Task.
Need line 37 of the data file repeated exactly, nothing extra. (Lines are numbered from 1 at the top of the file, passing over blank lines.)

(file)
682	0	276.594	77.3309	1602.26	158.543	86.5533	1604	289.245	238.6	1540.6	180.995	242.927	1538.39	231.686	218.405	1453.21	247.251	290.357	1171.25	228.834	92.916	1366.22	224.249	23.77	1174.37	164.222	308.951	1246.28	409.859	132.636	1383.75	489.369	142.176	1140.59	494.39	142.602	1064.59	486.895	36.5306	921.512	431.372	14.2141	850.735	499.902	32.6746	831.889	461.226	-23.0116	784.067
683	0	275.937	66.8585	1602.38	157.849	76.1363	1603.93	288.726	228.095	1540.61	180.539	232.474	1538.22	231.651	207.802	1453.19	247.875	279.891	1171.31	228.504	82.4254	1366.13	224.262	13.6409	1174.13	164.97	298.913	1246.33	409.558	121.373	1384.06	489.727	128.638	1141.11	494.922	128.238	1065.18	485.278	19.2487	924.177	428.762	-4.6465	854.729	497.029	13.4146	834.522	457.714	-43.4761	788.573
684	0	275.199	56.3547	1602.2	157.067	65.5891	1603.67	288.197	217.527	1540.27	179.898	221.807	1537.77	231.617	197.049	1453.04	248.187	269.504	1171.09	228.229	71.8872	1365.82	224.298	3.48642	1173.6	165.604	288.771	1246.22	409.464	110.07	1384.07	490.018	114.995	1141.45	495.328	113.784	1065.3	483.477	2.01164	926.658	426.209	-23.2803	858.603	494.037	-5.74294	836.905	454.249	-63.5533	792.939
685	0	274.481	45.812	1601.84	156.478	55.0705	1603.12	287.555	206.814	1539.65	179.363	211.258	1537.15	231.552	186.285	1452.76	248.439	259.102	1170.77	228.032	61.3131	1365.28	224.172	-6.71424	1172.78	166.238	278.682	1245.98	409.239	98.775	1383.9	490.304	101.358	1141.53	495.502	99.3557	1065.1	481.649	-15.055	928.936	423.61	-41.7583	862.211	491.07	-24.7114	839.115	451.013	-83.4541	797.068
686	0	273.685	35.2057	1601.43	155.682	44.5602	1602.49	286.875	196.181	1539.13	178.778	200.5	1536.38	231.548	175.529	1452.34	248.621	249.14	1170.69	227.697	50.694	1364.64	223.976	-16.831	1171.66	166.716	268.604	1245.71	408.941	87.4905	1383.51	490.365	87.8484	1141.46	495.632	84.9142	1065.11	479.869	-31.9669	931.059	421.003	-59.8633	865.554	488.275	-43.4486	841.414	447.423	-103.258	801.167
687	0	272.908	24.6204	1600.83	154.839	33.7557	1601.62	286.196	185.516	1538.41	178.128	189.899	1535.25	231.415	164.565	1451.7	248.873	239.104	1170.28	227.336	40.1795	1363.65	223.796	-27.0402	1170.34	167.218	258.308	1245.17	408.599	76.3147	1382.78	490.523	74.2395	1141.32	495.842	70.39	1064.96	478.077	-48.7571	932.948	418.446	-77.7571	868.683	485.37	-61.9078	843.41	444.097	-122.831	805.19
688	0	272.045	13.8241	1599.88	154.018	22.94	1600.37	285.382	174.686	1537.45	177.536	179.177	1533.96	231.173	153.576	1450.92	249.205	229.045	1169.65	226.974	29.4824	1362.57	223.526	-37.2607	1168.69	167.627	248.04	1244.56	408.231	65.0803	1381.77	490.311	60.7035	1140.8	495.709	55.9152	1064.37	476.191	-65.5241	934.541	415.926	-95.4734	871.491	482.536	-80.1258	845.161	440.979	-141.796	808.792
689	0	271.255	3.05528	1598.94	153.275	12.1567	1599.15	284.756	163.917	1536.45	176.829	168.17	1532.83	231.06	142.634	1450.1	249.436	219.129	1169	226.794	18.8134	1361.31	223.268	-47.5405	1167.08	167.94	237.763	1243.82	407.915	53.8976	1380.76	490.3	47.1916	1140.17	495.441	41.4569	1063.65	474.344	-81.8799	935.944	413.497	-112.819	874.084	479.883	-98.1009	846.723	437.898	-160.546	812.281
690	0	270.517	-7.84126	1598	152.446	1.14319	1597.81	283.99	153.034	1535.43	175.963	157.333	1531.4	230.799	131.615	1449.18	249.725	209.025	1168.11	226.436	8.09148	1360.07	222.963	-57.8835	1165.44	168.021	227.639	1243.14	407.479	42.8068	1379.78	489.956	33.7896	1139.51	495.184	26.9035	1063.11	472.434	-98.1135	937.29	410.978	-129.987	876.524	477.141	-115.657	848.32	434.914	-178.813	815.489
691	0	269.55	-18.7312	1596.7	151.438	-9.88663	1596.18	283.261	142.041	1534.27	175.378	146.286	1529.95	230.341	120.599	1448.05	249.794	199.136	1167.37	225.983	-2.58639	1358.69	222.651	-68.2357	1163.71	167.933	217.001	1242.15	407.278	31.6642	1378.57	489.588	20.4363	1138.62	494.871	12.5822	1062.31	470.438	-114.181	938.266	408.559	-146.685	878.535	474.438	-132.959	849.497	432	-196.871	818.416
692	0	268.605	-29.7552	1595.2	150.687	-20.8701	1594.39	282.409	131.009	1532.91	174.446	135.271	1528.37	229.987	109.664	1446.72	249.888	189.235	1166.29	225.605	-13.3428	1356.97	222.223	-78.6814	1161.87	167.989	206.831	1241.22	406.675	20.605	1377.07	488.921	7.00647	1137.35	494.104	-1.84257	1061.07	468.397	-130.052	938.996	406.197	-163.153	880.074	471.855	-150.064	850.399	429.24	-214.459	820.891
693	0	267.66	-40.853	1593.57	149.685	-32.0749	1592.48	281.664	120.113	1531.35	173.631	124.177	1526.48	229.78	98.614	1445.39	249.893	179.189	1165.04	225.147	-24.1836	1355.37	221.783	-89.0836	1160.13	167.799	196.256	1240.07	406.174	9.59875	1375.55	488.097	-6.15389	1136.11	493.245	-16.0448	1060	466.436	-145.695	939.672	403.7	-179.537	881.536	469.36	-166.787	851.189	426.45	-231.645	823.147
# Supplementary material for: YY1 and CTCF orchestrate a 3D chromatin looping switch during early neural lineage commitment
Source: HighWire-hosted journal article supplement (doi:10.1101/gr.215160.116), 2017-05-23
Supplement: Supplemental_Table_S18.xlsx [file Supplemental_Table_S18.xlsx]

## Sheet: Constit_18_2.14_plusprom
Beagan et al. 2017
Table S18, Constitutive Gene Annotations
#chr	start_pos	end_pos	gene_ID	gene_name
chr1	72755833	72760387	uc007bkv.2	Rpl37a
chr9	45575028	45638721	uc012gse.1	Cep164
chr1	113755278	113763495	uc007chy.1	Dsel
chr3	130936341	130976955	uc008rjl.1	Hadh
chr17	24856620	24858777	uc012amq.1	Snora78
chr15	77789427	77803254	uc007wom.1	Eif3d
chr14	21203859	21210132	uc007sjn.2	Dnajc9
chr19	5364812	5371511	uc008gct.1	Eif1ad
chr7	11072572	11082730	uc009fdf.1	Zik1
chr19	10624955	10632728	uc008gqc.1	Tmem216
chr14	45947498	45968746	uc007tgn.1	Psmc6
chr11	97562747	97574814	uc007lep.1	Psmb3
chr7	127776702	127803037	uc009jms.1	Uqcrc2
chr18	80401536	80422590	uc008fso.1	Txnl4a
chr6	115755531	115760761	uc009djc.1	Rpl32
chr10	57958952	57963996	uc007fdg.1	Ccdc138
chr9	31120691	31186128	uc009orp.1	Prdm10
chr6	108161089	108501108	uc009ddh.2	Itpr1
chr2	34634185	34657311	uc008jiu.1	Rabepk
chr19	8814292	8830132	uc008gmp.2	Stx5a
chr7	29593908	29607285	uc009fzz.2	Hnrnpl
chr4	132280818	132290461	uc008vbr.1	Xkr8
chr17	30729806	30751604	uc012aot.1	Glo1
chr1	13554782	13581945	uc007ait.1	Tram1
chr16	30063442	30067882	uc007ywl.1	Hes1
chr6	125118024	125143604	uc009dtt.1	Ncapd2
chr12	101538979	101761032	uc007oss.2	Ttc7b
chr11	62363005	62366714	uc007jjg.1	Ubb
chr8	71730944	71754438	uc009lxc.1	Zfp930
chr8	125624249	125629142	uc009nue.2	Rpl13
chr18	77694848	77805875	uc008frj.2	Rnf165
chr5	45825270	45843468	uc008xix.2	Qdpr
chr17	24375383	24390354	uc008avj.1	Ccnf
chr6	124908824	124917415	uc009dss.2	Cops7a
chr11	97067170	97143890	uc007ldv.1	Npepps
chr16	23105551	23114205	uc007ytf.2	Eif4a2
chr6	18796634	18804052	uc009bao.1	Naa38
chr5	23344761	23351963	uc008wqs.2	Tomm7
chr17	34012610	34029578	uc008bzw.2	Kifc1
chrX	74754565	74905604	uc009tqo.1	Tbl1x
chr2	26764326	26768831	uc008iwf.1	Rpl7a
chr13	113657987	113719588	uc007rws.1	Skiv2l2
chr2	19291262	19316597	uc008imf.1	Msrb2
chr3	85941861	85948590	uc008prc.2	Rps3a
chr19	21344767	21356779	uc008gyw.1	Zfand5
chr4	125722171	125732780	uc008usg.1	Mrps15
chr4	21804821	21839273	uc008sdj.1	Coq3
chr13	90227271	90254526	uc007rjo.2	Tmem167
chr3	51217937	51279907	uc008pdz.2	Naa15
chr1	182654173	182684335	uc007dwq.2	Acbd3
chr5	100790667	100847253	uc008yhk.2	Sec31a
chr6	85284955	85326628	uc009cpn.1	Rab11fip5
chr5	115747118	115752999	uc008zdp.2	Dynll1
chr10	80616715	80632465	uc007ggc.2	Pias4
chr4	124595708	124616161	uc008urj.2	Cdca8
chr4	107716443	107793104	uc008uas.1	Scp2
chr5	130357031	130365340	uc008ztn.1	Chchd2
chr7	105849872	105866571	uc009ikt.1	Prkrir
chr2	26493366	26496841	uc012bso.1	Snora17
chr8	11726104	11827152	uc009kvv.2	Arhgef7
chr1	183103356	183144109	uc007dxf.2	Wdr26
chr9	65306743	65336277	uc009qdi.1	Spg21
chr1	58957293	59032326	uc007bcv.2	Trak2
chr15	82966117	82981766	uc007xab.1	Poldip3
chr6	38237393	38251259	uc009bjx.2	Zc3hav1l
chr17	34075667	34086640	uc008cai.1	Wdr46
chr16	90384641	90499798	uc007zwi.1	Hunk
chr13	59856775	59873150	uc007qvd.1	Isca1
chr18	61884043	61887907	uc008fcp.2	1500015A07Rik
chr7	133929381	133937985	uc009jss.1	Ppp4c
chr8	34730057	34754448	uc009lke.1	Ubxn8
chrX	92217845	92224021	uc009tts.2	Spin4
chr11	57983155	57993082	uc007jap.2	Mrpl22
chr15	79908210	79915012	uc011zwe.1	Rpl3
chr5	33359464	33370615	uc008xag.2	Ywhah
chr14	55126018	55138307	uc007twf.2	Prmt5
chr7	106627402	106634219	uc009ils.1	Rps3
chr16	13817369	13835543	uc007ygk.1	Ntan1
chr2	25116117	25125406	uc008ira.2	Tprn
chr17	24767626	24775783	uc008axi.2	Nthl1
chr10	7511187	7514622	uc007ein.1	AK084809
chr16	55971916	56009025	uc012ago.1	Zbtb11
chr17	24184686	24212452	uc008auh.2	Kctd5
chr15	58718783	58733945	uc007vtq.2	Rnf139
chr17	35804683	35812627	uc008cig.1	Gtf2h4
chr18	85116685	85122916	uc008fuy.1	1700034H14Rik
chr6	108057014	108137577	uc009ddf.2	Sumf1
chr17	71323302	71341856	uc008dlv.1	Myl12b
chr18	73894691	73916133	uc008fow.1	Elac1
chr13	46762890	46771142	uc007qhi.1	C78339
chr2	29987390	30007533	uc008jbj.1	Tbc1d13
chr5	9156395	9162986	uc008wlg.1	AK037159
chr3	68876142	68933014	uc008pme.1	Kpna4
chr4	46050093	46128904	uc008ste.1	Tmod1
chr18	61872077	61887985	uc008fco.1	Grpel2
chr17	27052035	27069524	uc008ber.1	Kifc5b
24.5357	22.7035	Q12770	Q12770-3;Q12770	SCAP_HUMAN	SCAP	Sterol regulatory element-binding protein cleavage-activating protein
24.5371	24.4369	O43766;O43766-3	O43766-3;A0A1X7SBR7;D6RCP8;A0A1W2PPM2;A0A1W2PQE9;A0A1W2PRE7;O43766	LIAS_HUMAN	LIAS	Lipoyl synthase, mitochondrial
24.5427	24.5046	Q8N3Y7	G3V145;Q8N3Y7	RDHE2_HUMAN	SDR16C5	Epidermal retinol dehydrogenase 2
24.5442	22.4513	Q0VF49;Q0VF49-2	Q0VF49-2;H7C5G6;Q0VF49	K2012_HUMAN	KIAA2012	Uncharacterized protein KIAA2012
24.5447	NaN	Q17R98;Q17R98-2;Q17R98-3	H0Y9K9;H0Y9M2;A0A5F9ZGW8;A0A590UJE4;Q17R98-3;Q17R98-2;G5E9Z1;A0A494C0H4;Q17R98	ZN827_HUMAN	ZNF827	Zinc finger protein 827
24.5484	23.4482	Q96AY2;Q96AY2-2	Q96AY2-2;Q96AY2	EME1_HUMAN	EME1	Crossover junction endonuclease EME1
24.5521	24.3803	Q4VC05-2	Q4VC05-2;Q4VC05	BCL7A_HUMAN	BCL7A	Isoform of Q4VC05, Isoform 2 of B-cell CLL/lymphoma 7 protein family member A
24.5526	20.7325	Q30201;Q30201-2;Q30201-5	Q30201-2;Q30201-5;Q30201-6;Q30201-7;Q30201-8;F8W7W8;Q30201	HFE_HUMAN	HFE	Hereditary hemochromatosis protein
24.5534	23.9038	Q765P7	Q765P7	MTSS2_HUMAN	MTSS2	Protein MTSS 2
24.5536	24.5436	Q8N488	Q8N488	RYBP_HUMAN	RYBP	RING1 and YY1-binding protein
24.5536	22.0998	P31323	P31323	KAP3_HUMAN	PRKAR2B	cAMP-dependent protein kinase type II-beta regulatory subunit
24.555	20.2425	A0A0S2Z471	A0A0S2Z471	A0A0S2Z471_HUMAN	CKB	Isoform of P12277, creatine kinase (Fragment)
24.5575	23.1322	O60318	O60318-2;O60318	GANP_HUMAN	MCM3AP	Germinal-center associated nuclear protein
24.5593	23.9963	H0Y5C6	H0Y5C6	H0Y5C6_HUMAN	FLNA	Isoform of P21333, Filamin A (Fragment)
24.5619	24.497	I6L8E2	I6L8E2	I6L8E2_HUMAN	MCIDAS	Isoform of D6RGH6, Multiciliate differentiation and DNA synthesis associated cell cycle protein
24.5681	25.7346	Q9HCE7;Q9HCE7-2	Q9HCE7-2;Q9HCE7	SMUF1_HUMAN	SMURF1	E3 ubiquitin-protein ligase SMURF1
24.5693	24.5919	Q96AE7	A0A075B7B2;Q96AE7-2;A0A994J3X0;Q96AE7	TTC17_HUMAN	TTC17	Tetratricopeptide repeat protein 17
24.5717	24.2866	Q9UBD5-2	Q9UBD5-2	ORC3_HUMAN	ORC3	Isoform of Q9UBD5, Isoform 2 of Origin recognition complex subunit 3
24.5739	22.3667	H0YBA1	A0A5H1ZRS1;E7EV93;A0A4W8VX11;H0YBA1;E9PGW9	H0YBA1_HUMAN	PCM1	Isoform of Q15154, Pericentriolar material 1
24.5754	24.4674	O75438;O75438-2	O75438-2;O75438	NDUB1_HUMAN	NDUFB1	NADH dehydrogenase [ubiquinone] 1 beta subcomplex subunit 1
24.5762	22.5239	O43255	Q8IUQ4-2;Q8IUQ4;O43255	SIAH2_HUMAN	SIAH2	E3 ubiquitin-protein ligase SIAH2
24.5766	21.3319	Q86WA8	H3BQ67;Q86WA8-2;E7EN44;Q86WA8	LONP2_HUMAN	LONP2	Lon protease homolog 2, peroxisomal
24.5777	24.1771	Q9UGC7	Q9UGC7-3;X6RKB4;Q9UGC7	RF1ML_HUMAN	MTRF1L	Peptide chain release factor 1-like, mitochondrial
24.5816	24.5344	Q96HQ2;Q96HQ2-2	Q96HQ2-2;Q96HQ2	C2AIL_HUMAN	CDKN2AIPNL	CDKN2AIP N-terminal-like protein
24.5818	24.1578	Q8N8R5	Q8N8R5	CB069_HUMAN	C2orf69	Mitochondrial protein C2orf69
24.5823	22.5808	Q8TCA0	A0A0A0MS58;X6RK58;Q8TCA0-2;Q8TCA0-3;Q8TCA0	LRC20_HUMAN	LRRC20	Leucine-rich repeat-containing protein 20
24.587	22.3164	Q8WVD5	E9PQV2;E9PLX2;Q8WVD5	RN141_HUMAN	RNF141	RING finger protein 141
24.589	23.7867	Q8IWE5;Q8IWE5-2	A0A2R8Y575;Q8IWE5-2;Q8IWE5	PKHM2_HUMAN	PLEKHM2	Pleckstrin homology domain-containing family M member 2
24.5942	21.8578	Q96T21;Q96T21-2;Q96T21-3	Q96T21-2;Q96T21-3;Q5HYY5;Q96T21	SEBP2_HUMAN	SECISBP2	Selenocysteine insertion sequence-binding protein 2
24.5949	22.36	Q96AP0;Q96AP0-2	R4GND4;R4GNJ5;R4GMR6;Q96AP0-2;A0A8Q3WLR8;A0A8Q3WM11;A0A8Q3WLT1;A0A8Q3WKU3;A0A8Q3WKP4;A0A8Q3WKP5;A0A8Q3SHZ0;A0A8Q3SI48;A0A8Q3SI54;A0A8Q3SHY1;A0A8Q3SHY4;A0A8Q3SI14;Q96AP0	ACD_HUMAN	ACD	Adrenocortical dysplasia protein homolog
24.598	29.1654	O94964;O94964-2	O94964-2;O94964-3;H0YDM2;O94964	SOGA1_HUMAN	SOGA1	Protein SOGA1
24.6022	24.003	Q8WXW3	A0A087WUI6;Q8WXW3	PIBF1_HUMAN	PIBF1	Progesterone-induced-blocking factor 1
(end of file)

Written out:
chr6	108161089	108501108	uc009ddh.2	Itpr1